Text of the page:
Vizcaino said there are anywhere between 100 to 150 buscones who operate training camps in the Dominican Republic, each trying to seize the most talented players and negotiate the most lucrative contracts. The fight for players is fierce and, sometimes, shady. Buscones have been known to juice players on steroids in the weeks before a tryout, adding miles per hour to their fastballs or distance to their home runs.
"And then after you sign them, a guy who was throwing 93 [mph] at a workout is down to 83," Rijo said, "and you're like, 'What the hell?' "
Vizcaino and other buscones play down the underbelly of their profession, but they admit there are rivalries among them. Given the amount of money at stake -- scores of kids are signed each year to lesser bonuses, beginning in the tens of thousands of dollars -- and a Dominican economy in which citizens earn an average of roughly $2,400 annually, the pursuit of players is a booming business. "There's a lot of competition," Vizcaino said, "but there's not a lot of fighting."
MLB is aware of the pitfalls involved in the system. The league, though, says it is helpless to do anything directly about it.
"We do have a concern," MLB's Peralta said. "But I have to be honest with you, and I want to state for the record: Buscones, or independent scouts, are a very important part of the industry. They help fill a gap, because there's not a lot of organized baseball in the Dominican Republic. They provide a service.
"But the sad situation becomes when, like in any other big group of people, there are some guys -- and I wouldn't say the majority of them, because there are a lot of hardworking people -- but you will find some bad apples that have abused the players. We have no jurisdiction over them, but still, those incidents are the most publicized."
Peralta said his office is working with the Dominican government to help establish regulations that MLB couldn't enforce itself, including setting standard percentages buscones can receive from a signing bonus -- 10 percent if they worked with a kid for a year or less, 15 percent if it's a year or more. Though President Leonel Fernandez signed the legislation, Peralta said it had some "points of conflict" with the Dominican Olympic committee and other politicians, and it is not yet law.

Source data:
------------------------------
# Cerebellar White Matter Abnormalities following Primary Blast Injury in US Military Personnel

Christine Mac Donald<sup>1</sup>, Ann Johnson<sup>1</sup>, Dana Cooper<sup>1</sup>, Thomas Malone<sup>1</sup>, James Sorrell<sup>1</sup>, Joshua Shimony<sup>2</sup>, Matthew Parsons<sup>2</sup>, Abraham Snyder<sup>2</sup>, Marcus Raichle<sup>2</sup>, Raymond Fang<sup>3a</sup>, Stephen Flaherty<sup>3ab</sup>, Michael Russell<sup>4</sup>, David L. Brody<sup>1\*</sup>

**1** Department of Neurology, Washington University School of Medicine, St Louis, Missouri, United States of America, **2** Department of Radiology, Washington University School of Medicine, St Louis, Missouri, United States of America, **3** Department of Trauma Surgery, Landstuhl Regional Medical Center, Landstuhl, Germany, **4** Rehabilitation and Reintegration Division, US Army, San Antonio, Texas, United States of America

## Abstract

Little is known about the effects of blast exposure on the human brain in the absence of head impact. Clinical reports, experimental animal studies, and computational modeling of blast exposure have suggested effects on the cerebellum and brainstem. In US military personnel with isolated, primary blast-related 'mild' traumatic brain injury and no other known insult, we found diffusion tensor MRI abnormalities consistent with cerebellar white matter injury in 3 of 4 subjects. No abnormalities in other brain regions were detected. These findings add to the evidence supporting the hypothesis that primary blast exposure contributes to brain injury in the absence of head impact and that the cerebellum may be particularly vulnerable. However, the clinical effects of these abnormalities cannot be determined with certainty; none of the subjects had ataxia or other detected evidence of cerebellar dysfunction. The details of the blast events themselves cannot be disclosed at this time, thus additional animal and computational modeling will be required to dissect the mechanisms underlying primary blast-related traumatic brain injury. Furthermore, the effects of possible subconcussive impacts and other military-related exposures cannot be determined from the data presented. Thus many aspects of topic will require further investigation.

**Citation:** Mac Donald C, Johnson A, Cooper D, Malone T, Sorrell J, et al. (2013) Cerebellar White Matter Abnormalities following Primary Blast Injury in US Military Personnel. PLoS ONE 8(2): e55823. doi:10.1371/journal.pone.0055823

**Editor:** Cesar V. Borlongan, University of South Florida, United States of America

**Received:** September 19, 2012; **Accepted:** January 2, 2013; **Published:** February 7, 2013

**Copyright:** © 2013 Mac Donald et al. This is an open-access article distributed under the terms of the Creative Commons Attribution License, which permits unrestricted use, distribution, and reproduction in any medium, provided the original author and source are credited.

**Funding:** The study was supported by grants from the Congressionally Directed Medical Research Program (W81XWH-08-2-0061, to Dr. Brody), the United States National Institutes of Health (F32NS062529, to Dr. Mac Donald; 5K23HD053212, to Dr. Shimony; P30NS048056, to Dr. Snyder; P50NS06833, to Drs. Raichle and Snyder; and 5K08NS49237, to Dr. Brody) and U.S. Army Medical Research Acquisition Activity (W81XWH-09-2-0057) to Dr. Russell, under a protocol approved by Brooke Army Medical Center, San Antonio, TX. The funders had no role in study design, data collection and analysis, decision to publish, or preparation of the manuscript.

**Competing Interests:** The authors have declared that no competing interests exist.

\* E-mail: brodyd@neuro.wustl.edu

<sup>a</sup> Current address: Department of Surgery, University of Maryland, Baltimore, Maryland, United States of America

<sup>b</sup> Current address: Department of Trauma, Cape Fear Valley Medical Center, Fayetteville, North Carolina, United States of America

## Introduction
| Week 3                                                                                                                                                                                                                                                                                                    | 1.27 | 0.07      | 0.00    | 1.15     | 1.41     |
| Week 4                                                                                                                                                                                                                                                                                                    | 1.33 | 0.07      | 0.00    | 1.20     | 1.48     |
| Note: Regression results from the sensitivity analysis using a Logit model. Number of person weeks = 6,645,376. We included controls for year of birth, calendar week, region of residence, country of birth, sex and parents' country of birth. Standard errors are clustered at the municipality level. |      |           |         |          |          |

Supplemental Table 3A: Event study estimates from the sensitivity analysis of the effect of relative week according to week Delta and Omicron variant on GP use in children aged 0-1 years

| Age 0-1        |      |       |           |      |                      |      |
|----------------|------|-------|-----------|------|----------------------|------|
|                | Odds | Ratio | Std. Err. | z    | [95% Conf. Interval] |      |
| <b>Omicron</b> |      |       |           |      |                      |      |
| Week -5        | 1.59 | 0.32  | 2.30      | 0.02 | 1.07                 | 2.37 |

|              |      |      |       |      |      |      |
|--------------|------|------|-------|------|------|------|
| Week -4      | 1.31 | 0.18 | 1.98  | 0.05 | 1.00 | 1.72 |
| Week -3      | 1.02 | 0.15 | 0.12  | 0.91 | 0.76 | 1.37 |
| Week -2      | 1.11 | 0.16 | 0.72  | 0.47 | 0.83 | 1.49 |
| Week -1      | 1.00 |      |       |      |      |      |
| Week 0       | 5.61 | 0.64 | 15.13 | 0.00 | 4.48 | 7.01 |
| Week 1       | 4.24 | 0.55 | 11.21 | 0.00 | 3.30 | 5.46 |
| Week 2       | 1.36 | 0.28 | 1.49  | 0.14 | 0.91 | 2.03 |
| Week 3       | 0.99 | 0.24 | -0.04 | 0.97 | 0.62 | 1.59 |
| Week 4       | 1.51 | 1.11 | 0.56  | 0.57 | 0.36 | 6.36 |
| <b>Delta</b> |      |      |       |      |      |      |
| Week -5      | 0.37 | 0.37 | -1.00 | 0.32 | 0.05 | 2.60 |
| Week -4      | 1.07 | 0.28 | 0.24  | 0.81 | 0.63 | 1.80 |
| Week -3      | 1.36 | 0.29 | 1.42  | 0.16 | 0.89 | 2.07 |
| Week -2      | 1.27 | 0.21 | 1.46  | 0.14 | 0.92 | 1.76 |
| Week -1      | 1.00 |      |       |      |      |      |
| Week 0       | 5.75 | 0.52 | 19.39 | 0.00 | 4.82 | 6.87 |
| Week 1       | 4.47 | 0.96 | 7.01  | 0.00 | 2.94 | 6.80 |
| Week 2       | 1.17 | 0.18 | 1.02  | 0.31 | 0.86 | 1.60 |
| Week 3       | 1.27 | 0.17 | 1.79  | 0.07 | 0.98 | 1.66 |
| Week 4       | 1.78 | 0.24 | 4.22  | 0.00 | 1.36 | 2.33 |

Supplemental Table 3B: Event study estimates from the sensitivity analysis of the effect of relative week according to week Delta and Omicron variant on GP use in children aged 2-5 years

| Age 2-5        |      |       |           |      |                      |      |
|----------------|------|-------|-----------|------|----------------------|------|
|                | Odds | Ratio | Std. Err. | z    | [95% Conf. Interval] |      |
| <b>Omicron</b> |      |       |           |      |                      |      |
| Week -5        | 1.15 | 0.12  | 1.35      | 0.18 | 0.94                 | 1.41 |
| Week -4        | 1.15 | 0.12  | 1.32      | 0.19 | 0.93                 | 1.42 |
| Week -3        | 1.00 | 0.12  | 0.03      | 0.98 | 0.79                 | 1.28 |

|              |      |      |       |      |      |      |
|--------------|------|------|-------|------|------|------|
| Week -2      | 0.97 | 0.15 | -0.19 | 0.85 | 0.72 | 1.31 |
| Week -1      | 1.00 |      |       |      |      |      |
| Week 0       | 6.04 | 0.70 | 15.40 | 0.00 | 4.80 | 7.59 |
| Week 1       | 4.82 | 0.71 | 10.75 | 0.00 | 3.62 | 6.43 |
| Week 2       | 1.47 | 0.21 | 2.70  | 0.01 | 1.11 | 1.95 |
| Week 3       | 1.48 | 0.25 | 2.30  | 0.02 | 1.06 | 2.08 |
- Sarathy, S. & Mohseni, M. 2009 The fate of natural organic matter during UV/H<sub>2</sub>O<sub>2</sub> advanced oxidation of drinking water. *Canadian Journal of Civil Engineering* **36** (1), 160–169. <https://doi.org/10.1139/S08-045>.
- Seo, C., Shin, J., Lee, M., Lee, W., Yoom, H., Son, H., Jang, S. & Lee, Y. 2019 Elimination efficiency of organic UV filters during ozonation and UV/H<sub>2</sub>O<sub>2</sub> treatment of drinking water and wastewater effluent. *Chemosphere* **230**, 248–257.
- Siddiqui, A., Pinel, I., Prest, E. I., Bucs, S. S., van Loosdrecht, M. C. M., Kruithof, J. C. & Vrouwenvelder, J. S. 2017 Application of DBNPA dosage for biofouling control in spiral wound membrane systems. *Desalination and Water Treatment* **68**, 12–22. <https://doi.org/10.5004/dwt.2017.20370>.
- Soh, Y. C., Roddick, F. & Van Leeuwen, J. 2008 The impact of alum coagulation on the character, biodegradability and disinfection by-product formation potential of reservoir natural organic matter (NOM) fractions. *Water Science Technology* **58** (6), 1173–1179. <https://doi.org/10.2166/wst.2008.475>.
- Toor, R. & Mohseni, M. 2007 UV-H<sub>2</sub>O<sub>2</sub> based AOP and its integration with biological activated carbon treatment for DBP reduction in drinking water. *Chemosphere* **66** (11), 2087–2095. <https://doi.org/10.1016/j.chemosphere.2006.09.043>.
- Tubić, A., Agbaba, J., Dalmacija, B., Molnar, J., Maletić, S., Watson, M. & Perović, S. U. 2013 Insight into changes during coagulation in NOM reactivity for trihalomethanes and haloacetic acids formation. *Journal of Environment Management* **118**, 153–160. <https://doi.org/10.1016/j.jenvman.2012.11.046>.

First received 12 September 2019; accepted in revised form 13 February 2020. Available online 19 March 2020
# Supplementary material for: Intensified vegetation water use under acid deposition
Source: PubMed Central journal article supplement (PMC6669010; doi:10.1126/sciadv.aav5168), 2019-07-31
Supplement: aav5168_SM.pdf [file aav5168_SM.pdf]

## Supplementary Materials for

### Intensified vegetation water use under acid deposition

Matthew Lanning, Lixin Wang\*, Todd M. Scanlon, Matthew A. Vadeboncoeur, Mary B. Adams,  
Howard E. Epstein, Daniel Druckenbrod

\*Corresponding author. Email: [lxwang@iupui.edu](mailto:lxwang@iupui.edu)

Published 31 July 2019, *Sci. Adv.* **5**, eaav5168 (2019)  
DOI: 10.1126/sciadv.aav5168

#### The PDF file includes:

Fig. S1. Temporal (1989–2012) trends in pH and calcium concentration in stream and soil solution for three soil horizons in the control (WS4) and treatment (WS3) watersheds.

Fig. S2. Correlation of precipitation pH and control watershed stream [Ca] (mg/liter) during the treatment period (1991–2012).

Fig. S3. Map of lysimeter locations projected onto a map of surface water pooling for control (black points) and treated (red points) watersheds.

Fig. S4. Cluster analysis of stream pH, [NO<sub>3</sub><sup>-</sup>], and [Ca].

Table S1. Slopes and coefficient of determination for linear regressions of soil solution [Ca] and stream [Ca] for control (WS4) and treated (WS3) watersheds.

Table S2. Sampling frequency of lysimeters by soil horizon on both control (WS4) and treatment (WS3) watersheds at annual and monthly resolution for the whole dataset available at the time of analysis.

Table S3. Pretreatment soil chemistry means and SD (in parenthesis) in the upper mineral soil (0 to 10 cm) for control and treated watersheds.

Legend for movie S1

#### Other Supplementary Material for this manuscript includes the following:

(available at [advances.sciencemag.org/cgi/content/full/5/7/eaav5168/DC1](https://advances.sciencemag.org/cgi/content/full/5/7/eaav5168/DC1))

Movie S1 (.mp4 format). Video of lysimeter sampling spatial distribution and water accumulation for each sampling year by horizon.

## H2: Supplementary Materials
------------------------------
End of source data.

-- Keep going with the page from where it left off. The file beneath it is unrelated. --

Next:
"Basically," Peralta said, "it's out of our hands."
If the system bothers Gonzalez and his family, they don't show it. Sitting in plastic chairs on the dirt under a tree outside their tin home, set aside a more proper house belonging to Gonzalez's grandmother, they pass around a sugar cane stalk whittled with a dull machete, chewing on the sweet pulp and discussing their lives. Inside a "living room" that can't be more than eight feet long and six feet wide, Gonzalez fiddles with his Soundmaster III three-disc changer stereo, another new addition, and talks about training roosters "to fight, and when they lose, to eat," he said.
Gonzalez's father, Daniel, has the same soft features as his son, the same easy manner. He understands that $1.4 million will alter his family's life -- providing for the rebuilding of the new home, the Escalade, the hope. Yet he argues that his son, now with expectations and money he didn't have just six months ago, hasn't changed.
"Mentally," Daniel Gonzalez said through an interpreter, "it's like the same."
That, Rijo said, is why he believes Esmailyn Gonzalez will make it. During a morning workout, Gonzalez showed a slick glove and a bat that produced far more line drives than popups. Brown, Washington's scouting director who saw Gonzalez before the Nationals beat out the Texas Rangers to sign him in July, said he was immediately drawn to Gonzalez's disciplined approach at the plate, his ability as a switch hitter, his defensive skills and his long-term potential to hit for power.
Rijo, though, is most impressed with another tool: his head. After he signed for his riches, Gonzalez asked Rijo how to spend his money, and the former pitcher said he had to buy a house before a car, "because no matter how many cars you have, if you don't have a good garage, you'll regret it." So the building on the Gonzalezes' new place began before the Escalade was purchased.
"That's why I'm so high on him: his attitude," Rijo said. "It's not the tools. It's how he handles himself. He's not a typical Dominican kid."
The typical Dominican kid won't travel to Florida for spring training or spend his summer in the minor leagues, as Gonzalez is scheduled to do. The typical Dominican kid, Rijo said, doesn't talk as much about his family.
Outside his new, unfinished house, Gonzalez was offered a chance to join Rijo at his seaside home for lunch of fish stew and plantains. Gonzalez, though, politely declined, preferring to return to his family's shack. With that, he hopped in his Escalade, turned up the stereo and headed off, certain a better life -- and the major leagues in Washington -- lay somewhere beyond the rocky road beneath his tires.
Staff researcher Julie Tate contributed to this report.